10. $> for iter in /proc/sys/net/ipv4/conf/*/rp_filter; do; echo 1 > $iter; done
  11. Turn on syn cookies protection: The TCP Syn is DoS (Denial of Service) attack. It consumes resources on your Linux server. The attacker begin with the TCP connection handshake sending the SYN packet, and then never completing the process to open the connection. This results into massive half-open connections.
  12. $> echo 1 > /proc/sys/net/ipv4/tcp_syncookies

Where is the rules set?
Check the attached: firewall.txt (Updated script: meetrp github)! Rename this file with ‘.sh’ extension & execute it.

$> ls -l ./firewall.txt 
-rw-rw-r-- 1 rp rp 17288 Aug 31 00:15 ./firewall.txt

$> mv firewall.txt myfirewall.sh
$> ls -l *firewall*
-rwxrwxr-x 1 rp rp 17288 Aug 31 00:15 myfirewall.sh

$> chmod +x ./myfirewall.sh 

$> sudo ./myfirewall.sh 
[Sunday 31 August 2014 00:16:20] Not a root!
[Sunday 31 August 2014 00:16:20] ignore ICMP echo broadcasts
[Sunday 31 August 2014 00:16:20] log all packets
[Sunday 31 August 2014 00:16:21] enable reverse path filtering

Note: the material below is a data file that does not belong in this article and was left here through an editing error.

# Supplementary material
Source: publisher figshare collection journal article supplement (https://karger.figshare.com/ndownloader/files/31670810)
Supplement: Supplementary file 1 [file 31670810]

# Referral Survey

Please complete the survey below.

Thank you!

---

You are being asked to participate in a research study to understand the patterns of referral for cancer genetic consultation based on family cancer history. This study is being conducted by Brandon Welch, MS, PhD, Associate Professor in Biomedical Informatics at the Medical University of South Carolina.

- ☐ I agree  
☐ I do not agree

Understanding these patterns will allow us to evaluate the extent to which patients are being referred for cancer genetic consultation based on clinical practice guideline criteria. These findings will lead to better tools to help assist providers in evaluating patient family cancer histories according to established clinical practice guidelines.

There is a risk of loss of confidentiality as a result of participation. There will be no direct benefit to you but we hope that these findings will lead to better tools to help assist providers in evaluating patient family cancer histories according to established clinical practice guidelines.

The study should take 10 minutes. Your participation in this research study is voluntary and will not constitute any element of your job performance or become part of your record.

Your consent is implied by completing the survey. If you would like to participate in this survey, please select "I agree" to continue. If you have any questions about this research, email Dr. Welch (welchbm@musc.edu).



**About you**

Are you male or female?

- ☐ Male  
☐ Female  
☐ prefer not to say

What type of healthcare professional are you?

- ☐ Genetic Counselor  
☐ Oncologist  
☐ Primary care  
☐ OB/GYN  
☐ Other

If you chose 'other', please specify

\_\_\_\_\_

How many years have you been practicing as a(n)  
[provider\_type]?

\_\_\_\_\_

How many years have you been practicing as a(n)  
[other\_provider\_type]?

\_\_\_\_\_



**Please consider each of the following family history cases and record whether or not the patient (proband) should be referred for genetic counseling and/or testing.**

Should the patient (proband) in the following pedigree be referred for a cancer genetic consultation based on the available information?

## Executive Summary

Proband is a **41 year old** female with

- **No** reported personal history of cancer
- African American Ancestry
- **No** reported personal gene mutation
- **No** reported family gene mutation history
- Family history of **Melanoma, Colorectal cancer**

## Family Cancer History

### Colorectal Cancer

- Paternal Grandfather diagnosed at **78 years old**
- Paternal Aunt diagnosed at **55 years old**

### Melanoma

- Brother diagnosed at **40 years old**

[Sunday 31 August 2014 00:16:21] enable syn cookies protetion
[Sunday 31 August 2014 00:16:21] disable ICMP redirects
[Sunday 31 August 2014 00:16:21] disable ip forwarding
[Sunday 31 August 2014 00:16:21] disable source route
[Sunday 31 August 2014 00:16:21] -------------- IPv4 ---------------
[Sunday 31 August 2014 00:16:21] clear all rules
[Sunday 31 August 2014 00:16:21] default drop
[Sunday 31 August 2014 00:16:21] allow all related & established
[Sunday 31 August 2014 00:16:21] allow loop back
[Sunday 31 August 2014 00:16:21] drop all IANA reserved IPs
[Sunday 31 August 2014 00:16:21] --> eth0
[Sunday 31 August 2014 00:16:21] allow skype in
[Sunday 31 August 2014 00:16:21] allow DHCP out
[Sunday 31 August 2014 00:16:21] allow DNS out
[Sunday 31 August 2014 00:16:21] allow HTTP out
[Sunday 31 August 2014 00:16:21] allow NTP out
[Sunday 31 August 2014 00:16:21] allow ping out